One webcomic I read lightly noted that Windows 7 is "like Vista, only minus the huge amounts of suck, and they decided to stick awesome in all the places where the suck used to be. Also, puppies." Minus that puppies part, that's pretty spot-on.

First things first: User Account Control

I figured I should put this at the top since it was essentially the biggest public gripe against Vista.

The infamous UAC prompts are a lot nicer on the intake. There's a lot less "alert fatigue" by default, as Windows only "shades" the desktop under certain circumstances, normally presents only one prompt at a time, and prompts a whole lot less than before—all significant improvements over Vista.

It's a lot less annoying than Vista and probably near the same level as OS X—although I'm going to give this one to Windows 7 since alerts don't always come looking for an administrator password.

Biggest, perhaps best change: Taskbar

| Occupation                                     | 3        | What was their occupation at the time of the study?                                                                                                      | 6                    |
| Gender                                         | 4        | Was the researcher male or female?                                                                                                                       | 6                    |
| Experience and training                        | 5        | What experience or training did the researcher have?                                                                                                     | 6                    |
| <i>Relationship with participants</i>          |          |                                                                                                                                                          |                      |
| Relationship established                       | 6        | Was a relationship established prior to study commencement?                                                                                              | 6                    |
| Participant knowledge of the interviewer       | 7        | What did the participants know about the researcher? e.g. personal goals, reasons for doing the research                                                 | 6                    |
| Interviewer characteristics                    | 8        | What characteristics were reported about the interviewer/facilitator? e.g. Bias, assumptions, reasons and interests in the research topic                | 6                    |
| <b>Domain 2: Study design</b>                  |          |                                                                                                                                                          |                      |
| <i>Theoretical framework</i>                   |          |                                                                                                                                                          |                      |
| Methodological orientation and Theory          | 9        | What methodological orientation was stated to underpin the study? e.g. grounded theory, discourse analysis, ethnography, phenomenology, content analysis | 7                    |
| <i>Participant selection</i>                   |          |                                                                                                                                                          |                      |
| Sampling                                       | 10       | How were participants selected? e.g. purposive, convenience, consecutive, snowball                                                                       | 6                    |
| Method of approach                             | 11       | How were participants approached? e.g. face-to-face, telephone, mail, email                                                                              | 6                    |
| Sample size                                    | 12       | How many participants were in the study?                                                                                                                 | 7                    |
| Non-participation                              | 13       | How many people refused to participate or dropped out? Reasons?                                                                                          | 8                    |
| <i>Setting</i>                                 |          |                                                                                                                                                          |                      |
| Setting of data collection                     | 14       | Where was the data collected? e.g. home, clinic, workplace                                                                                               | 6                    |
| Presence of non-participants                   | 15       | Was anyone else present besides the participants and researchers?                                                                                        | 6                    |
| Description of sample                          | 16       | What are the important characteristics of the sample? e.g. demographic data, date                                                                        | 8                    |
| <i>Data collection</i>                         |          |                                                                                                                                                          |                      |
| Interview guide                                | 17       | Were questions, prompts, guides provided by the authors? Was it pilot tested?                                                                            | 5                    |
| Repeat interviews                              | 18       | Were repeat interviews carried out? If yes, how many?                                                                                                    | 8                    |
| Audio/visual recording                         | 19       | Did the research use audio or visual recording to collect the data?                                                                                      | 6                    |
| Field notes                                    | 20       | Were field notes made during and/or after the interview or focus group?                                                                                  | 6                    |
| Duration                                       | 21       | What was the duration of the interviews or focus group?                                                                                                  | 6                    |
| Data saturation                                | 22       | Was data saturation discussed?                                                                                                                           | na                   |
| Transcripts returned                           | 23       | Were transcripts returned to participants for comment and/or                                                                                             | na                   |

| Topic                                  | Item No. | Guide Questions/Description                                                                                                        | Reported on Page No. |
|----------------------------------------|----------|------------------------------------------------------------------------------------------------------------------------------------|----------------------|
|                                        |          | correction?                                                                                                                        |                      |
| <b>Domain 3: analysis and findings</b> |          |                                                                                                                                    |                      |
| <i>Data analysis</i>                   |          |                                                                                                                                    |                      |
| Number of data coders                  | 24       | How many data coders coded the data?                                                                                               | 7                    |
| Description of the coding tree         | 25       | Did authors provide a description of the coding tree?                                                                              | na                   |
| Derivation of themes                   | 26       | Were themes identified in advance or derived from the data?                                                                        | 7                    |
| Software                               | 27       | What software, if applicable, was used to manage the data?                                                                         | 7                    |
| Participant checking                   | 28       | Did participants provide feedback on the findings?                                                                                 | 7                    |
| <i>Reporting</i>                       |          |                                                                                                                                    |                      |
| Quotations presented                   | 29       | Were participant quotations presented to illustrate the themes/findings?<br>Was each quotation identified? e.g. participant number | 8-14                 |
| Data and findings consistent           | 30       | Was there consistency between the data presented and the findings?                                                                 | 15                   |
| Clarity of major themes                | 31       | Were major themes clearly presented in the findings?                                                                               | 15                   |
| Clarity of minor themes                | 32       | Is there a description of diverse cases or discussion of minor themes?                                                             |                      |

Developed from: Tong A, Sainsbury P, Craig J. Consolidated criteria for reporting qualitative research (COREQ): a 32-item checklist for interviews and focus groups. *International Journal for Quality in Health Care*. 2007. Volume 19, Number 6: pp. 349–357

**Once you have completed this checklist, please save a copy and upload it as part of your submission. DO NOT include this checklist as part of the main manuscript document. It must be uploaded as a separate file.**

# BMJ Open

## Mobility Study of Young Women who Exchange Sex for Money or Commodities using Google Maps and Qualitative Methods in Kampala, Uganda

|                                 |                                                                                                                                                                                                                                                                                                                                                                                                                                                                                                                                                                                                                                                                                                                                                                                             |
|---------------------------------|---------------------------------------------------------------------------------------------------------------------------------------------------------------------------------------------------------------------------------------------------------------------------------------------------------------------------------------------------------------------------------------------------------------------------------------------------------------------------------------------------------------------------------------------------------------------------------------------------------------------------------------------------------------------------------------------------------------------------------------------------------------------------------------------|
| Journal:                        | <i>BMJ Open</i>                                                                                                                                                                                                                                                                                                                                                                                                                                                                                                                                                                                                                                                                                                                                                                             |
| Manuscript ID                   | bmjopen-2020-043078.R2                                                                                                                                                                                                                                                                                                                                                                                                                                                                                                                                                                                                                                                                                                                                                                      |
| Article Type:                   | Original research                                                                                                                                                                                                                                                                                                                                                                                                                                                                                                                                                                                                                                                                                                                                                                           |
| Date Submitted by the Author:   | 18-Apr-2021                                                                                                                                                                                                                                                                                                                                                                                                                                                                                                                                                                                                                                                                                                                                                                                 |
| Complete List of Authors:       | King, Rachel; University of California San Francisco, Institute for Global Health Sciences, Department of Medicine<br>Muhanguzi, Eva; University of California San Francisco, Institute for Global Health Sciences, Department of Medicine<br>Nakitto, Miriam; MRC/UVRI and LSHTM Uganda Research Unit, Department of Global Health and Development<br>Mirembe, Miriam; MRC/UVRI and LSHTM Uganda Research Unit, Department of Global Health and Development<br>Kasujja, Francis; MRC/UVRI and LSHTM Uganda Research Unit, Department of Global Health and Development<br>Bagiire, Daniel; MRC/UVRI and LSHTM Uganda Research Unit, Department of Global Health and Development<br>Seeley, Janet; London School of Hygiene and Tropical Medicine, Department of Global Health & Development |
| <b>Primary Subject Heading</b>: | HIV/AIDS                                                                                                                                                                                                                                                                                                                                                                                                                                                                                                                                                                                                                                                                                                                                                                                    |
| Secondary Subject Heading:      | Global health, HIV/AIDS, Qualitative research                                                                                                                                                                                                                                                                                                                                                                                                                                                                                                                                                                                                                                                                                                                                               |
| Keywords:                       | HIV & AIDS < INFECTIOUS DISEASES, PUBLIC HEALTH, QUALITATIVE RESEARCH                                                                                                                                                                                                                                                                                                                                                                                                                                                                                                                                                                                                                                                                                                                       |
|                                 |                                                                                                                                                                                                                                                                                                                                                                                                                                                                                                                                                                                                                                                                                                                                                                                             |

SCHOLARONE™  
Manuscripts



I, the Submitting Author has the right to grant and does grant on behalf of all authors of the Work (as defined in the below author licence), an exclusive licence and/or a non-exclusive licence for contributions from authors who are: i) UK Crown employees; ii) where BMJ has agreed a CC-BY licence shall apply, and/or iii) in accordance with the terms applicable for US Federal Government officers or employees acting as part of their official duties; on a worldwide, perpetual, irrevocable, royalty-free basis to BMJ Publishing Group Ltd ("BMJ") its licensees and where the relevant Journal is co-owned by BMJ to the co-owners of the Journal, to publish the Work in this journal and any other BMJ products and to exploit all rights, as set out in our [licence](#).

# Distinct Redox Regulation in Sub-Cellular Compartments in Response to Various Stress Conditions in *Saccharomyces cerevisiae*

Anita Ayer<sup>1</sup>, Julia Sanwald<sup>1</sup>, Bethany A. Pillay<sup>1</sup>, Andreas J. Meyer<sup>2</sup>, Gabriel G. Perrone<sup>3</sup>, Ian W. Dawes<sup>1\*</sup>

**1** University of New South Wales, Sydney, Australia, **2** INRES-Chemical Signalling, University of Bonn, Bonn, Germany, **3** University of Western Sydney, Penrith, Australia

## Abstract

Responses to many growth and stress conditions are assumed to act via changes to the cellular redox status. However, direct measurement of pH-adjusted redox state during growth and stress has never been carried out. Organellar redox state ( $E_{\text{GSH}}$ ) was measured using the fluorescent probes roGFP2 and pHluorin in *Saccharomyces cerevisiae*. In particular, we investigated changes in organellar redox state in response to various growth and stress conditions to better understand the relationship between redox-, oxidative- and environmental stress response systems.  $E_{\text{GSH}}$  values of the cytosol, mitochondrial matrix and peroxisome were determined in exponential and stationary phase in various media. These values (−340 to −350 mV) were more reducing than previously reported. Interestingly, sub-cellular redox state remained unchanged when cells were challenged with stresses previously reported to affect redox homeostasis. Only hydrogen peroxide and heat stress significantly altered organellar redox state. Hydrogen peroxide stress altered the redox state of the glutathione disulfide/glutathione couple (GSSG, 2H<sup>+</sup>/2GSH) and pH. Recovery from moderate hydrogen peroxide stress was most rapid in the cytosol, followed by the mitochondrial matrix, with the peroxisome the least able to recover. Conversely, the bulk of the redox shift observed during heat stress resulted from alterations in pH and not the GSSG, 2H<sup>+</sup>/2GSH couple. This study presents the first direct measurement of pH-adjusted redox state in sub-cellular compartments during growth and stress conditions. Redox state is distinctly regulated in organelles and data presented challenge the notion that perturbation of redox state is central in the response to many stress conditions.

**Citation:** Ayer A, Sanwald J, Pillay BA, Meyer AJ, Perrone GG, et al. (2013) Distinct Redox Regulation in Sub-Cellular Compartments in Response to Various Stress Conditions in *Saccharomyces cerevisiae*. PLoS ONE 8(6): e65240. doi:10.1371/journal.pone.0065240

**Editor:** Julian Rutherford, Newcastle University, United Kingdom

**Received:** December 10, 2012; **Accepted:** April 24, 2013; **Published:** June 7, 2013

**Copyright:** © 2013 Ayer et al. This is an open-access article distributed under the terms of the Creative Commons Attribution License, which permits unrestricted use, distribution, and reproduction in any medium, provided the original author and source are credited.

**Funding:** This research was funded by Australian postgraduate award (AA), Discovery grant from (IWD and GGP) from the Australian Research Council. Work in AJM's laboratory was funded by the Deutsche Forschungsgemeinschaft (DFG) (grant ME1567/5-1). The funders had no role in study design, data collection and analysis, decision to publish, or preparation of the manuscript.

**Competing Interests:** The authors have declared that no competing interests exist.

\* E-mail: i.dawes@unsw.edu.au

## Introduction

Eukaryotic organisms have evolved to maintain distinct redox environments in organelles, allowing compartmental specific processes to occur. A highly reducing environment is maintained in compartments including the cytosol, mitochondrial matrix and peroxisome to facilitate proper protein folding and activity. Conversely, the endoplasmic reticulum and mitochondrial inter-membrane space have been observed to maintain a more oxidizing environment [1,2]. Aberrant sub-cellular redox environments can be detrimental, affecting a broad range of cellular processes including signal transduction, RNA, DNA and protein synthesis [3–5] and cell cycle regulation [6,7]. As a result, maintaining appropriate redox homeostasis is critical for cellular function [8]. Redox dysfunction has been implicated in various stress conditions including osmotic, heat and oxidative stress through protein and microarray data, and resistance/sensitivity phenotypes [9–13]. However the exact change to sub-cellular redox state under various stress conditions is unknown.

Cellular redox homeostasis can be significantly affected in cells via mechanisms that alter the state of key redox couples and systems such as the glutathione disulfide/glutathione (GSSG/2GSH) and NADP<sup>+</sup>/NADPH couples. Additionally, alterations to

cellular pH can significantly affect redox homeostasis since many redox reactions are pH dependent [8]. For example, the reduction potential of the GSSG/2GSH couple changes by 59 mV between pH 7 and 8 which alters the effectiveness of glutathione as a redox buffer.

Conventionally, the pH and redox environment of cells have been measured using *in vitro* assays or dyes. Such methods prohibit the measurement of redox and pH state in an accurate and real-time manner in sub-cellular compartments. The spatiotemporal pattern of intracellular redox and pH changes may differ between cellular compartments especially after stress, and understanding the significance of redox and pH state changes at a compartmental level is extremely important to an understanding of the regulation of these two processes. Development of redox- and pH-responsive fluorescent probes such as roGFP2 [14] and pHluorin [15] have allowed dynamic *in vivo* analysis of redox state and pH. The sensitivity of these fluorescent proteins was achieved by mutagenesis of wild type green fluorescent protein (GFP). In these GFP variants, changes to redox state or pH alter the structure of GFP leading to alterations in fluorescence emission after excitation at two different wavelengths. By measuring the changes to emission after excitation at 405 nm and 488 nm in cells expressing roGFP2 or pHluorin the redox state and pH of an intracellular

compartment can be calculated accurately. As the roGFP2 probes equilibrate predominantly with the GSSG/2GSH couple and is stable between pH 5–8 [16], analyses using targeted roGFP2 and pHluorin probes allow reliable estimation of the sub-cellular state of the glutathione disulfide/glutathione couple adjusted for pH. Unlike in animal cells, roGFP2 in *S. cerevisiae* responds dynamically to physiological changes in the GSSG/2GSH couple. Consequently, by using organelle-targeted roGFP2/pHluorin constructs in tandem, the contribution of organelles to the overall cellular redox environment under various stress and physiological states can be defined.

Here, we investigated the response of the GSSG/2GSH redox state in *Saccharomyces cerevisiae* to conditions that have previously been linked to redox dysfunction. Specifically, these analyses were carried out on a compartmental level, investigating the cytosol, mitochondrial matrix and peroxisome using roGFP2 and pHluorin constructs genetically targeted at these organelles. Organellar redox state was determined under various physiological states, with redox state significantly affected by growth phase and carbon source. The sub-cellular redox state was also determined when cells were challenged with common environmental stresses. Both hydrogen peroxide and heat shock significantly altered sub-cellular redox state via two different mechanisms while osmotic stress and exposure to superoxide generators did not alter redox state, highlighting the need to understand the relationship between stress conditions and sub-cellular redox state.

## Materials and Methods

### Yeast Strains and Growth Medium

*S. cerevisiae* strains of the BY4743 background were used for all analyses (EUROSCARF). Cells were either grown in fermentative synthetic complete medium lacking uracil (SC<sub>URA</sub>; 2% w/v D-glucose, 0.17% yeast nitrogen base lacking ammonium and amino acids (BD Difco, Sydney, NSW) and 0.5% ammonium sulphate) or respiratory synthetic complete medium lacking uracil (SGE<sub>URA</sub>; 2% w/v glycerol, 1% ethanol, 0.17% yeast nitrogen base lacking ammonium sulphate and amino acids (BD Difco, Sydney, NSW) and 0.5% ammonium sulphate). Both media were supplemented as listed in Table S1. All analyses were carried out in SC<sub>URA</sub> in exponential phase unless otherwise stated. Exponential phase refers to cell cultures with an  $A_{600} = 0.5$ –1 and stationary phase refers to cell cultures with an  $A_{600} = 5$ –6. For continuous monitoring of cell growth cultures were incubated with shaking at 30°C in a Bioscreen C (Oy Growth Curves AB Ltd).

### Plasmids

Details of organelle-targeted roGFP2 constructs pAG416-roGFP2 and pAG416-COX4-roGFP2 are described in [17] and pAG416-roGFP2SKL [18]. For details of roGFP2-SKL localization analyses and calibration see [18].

Windows 7 'hot track' hover color

Nothing else in Windows screams "I want to be like a Mac" as much as the new taskbar in Windows 7. The ol' window title stripes—from every Windows version since Windows 95—are gone and are now replaced by a combined taskbar/quicklaunch area that Microsoft has nicknamed the "Superbar."

Icons work in a very Mac Dock-like fashion, in which running programs will show up in the taskbar, but are joined by the ability to "pin" items to the taskbar, essentially creating a permanent shortcut to that program.

I repeat: it's very OS X. In terms of usability, it's essentially a variation of the Mac Dock. And that's not a bad thing. I tend to have way too many windows open at once, so this UI style appears a lot less cluttered than vintage Windows.

Windows 7 'quick peek' and 'hot track' color